Feb. 29, 2012 at 8:42 AM ET
The U.S. economy expanded at a faster pace than first estimated in the fourth quarter of last year, perhaps allaying worries of a slowdown in the start of the new year.
The Commerce Department reported Wednesday that the U.S. economy grew at a 3.0 percent pace at the end of 2011, up from its previous estimate of 2.8 percent and higher than economists had expected. It was the fastest pace since the second quarter of 2010 and a much quicker growth rate than the 1.8 percent set in the third quarter.
While the build-up in business inventories still accounted for much of rise in output in the last quarter, the revisions to GDP unveiled an improved tone for the first-quarter growth outlook.
Businesses were not as aggressive in their restocking efforts, which should help to calm fears of a sharper slowdown in output this quarter.
In addition, consumer spending - which accounts for about 70 percent of U.S. economic activity - was a touch firmer than initially thought. Consumer spending rose at a 2.1 percent rate instead of 2 percent.
Even spending on home building was firmer than previously estimated and investment on nonresidential structures was modestly weak.
So far data ranging from employment to manufacturing have shown underlying strength in the economy, reducing the need for the Federal Reserve to ease monetary policy further by launching a third round of asset purchases or quantitative easing.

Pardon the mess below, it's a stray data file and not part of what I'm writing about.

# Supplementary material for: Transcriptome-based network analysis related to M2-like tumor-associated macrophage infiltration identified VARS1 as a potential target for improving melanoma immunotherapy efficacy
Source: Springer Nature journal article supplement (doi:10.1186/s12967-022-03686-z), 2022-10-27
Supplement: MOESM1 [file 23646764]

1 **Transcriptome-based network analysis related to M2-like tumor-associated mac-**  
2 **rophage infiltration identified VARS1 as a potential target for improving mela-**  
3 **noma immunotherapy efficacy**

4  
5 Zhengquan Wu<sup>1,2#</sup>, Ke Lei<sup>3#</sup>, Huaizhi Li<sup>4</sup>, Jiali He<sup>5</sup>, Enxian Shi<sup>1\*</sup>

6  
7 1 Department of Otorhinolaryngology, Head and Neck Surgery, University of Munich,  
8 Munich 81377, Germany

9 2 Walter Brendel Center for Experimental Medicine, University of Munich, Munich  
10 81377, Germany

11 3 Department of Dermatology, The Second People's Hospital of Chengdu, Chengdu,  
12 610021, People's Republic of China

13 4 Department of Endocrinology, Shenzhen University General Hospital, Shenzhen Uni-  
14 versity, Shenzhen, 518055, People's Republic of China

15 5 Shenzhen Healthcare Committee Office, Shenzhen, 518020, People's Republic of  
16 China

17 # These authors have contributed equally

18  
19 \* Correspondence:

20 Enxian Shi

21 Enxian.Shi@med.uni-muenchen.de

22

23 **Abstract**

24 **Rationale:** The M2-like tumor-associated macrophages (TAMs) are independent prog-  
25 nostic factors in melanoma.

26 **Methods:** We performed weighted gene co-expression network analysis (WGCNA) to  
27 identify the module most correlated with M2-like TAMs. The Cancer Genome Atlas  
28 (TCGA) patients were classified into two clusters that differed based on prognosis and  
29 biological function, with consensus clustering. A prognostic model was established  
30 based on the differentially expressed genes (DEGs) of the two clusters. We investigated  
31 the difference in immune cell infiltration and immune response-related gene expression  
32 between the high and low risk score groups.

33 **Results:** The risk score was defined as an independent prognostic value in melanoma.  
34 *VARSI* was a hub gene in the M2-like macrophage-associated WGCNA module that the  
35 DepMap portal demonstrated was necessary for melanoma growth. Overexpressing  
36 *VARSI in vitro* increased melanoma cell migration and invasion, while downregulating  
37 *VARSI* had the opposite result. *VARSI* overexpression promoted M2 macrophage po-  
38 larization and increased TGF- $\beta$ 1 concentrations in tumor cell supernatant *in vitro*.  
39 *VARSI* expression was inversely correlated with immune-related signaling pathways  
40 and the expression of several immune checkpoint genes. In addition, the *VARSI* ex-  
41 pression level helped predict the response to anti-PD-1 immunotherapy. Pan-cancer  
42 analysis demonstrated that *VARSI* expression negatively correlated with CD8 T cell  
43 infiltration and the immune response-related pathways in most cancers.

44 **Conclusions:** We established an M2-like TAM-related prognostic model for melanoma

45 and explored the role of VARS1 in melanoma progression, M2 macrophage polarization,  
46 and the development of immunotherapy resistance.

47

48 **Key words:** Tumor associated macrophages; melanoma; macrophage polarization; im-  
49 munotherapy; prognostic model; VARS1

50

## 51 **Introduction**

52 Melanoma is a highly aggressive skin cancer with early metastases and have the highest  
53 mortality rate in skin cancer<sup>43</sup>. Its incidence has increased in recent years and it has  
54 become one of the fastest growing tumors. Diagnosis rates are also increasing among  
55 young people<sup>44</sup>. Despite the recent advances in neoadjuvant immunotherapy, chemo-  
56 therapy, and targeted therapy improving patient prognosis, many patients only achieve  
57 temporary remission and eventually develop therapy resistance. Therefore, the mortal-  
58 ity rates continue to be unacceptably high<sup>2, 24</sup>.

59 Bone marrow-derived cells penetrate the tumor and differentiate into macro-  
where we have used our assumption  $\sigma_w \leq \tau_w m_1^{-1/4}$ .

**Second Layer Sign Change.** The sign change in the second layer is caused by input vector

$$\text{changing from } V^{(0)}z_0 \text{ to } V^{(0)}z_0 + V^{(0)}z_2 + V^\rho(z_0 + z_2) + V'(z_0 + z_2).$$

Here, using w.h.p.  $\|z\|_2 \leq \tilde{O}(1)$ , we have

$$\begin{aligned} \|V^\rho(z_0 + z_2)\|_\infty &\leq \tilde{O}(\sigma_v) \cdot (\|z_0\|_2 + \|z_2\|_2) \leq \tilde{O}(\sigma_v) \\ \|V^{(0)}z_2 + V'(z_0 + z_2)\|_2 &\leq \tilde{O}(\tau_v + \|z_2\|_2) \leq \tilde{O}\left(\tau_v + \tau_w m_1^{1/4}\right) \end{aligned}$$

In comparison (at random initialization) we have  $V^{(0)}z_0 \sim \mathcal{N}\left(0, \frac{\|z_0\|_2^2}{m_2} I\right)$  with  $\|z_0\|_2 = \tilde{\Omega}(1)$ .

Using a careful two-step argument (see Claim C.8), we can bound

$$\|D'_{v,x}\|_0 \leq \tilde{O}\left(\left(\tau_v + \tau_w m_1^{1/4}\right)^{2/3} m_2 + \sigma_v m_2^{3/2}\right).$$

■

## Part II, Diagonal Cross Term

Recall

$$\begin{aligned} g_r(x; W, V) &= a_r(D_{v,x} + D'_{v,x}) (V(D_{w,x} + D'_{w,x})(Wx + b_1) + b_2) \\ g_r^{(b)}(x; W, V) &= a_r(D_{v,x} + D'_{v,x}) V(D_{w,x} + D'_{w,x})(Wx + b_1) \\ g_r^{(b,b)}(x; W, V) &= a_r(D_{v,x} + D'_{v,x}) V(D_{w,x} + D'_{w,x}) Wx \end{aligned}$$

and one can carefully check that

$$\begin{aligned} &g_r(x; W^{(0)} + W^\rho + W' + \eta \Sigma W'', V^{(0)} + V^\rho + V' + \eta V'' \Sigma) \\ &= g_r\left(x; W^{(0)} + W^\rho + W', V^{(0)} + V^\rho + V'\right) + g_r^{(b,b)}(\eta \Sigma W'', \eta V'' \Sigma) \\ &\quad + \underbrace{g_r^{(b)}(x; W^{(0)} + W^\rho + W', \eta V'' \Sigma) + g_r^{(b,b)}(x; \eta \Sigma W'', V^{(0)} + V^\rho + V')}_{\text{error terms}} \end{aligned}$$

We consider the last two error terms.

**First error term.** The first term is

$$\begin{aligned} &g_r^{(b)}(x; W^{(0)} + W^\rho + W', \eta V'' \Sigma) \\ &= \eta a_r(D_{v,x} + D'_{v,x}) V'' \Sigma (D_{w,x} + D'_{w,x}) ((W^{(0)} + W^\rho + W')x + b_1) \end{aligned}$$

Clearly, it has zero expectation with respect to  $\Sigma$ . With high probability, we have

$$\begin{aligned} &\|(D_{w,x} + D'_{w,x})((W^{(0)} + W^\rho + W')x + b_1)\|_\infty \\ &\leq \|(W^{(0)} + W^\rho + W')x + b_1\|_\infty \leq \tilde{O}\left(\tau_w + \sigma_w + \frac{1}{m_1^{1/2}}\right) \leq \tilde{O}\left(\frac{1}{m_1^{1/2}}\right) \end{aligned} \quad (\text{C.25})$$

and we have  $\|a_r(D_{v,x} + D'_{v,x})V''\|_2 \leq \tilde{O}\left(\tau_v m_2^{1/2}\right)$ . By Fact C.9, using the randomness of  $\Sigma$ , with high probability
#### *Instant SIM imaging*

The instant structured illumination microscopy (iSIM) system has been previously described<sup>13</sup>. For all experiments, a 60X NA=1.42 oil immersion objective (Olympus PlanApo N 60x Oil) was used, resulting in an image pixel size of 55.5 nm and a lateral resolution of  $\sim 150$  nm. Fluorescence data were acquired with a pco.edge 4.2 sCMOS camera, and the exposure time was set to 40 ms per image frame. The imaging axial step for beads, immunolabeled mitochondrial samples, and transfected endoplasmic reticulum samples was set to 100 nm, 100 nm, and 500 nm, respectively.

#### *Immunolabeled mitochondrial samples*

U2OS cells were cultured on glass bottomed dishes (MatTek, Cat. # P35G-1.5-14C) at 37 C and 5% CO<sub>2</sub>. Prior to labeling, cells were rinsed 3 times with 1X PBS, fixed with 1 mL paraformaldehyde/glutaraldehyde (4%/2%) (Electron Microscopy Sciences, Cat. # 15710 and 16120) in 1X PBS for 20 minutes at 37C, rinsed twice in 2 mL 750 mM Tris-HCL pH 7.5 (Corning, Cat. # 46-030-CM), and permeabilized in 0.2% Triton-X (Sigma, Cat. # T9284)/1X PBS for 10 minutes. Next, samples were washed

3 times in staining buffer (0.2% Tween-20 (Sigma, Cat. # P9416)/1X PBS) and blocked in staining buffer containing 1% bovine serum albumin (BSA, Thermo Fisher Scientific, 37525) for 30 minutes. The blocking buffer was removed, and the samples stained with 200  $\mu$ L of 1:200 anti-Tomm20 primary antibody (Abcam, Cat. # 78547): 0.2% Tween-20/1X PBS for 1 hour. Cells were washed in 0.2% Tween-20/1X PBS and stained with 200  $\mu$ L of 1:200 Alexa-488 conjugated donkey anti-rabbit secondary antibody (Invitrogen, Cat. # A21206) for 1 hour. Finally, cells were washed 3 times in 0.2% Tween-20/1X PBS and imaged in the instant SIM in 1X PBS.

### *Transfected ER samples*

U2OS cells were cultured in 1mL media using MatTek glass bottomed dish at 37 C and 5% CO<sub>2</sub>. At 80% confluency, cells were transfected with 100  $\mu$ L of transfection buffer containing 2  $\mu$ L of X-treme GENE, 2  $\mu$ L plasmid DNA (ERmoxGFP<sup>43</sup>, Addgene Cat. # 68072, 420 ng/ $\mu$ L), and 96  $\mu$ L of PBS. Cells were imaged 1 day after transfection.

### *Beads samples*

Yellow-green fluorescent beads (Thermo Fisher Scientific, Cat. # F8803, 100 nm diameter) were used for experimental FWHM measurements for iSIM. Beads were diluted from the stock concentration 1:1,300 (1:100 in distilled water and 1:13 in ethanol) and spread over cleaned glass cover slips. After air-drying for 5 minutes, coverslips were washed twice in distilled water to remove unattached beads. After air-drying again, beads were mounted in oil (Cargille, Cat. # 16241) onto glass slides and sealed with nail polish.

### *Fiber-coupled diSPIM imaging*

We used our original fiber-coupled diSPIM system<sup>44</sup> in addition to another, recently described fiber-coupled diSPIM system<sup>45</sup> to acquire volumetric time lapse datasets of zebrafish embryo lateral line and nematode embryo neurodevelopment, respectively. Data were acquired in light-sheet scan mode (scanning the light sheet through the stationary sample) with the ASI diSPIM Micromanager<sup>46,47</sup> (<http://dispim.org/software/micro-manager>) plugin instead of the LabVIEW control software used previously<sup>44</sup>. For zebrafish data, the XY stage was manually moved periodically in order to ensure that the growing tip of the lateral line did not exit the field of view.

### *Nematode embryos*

But surging gasoline prices, which have risen 12.6 percent or 42 cents since the start of the year and averaged $3.78 a gallon in the week through Monday, are clouding the outlook.
High gasoline prices helped to almost snuff out growth early last year. However, economists believe the impact on households this time could be mitigated somewhat by weak costs for natural gas and a strengthening labor market.
While the rebuilding of inventories added a hefty 1.88 percentage points to GDP in the last quarter, the pace of accumulation was not as fast as previously reported. Business inventories increased $54.3 billion, instead of $56.0 billion.
This suggests scope for more stock accumulation this quarter, but not at the same magnitude as the final three months of last year.
Excluding inventories, the economy grew at a 1.1 percent rate, rather than 0.8 percent. That was still a sharp step-down from the prior period's 3.2 percent pace.
Although business overall business spending was revised up, investment in equipment and software was lowered to a 4.8 percent growth rate from 5.2 percent.
Export growth estimates were also lowered, but weaker imports led to a smaller trade gap.
Reuters contributed to this report.